IT process automation can replace point automation tools to support both packaged and custom legacy applications to better integrate technologies through the context of process. It can perform the same roles that niche automation tools provide, and deliver much greater value to the IT organization and business overall. Rather than endure expensive annual maintenance bills, technologies such as IT process automation can provide a broader application of automation, a cost structure that decreases, and documented labor and time savings with each IT process automated.
To realize the discipline of ITIL without the cost. Although the concepts ITIL puts forward are attractive -- IT discipline, greater standardization for improved service delivery, and cost reductions -- many organizations I speak with ultimately put these projects on hold because those benefits come at a cost: people. With ITIL, these customers had to invest in hiring process managers, a cost their budget could not support long term.
Because of the integration and automation capabilities IT process automation provides, ITIL adoption can be achieved by taking a much more targeted and practical approach because it eliminates the “process” managers altogether. First, determine which ITIL processes can provide your organization the most value (incident management, event management, and change and configuration management are good starting points), the greatest productivity, and the best alignment with business objectives. Then, use the ability to model, orchestrate, and automate the micro-processes that pertain to these ITIL disciplines to radically reduce the manual burden associated with ongoing ITIL adoption and documentation.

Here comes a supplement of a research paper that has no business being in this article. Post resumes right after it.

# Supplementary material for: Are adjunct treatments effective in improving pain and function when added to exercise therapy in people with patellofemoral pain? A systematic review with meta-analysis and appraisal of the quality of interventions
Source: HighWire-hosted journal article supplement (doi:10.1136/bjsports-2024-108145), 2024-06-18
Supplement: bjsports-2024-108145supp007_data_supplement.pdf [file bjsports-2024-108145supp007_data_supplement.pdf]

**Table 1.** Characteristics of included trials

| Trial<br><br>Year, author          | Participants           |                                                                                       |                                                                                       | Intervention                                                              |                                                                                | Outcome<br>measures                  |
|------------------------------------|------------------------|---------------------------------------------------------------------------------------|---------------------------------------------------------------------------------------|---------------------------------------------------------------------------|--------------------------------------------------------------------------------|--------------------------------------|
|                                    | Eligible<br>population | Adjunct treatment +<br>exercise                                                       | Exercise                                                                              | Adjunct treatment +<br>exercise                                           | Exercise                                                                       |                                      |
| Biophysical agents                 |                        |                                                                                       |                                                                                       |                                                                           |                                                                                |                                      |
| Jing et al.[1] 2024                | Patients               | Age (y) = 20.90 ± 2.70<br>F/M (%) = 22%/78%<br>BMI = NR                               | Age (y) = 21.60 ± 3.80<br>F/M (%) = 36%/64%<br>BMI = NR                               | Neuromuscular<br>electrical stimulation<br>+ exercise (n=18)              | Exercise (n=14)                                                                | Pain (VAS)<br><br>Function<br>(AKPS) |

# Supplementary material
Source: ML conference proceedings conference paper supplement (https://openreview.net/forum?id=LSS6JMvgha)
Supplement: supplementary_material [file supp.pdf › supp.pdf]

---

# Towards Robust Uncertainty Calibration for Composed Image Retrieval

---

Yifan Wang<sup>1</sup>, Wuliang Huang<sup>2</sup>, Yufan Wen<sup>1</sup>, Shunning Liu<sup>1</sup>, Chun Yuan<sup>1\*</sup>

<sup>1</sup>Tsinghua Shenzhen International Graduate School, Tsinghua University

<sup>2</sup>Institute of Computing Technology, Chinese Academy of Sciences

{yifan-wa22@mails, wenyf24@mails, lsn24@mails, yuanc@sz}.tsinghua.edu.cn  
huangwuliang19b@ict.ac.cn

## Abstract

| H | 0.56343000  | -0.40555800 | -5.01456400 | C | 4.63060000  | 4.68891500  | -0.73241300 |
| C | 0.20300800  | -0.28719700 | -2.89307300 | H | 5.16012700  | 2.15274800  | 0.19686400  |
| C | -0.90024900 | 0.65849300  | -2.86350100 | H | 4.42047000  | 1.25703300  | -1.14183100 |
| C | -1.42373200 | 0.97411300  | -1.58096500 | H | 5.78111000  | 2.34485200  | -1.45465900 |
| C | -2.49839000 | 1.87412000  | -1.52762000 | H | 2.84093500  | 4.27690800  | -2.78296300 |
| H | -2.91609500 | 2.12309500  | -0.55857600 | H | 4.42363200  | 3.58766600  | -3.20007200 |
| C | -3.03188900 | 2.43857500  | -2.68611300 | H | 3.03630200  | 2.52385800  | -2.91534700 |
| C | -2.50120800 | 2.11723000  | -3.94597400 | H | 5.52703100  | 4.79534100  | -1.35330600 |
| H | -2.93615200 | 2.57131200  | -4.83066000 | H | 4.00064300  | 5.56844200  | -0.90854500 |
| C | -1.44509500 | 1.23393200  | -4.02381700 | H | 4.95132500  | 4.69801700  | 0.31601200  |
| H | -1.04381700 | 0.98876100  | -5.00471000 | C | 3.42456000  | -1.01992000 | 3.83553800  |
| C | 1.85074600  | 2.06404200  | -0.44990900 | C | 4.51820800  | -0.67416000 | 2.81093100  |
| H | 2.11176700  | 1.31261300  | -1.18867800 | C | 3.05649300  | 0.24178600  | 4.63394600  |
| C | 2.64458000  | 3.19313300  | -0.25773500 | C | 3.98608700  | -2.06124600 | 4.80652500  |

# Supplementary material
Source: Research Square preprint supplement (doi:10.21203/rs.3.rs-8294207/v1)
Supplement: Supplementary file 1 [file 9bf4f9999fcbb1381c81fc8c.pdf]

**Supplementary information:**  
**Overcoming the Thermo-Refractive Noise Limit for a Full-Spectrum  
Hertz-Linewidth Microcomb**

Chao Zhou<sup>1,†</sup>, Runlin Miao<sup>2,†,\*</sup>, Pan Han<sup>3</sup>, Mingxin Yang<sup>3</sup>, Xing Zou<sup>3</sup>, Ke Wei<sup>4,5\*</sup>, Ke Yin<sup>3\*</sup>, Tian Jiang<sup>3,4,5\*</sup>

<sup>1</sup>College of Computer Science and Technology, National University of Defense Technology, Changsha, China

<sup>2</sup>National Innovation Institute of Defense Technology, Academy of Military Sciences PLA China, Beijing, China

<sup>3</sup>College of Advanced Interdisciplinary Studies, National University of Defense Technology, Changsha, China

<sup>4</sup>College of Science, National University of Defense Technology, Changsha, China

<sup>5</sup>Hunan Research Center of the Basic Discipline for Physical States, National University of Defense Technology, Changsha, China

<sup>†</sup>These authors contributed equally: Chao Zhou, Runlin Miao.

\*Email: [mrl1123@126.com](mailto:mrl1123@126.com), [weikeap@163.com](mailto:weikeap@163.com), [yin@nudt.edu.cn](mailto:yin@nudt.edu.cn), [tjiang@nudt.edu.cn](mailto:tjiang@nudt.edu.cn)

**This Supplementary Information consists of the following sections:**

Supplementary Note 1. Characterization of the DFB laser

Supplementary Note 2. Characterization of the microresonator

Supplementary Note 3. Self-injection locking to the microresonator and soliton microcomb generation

As I continue to speak with customers and prospects next quarter, I expect that many of the conversations will revolve around how can IT do more with less? And the answer will still be to integrate and automate IT management. The basic “killer applications” for IT process automation will make a demonstrable impact on how IT organizations meet the current (and future) service demands with limited budget and resources in 2009. It can help maximize the investments you have, better align those investments to the business services you deliver, and automate a significant chunk of the IT management burden you face daily. If you haven’t yet considered IT process automation, there is no better time than the present as you brace yourself for all that 2009 will bring.
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Chris Pick is the chief marketing officer and vice president of products at NetIQ. You can contact the author at firstname.lastname@example.org.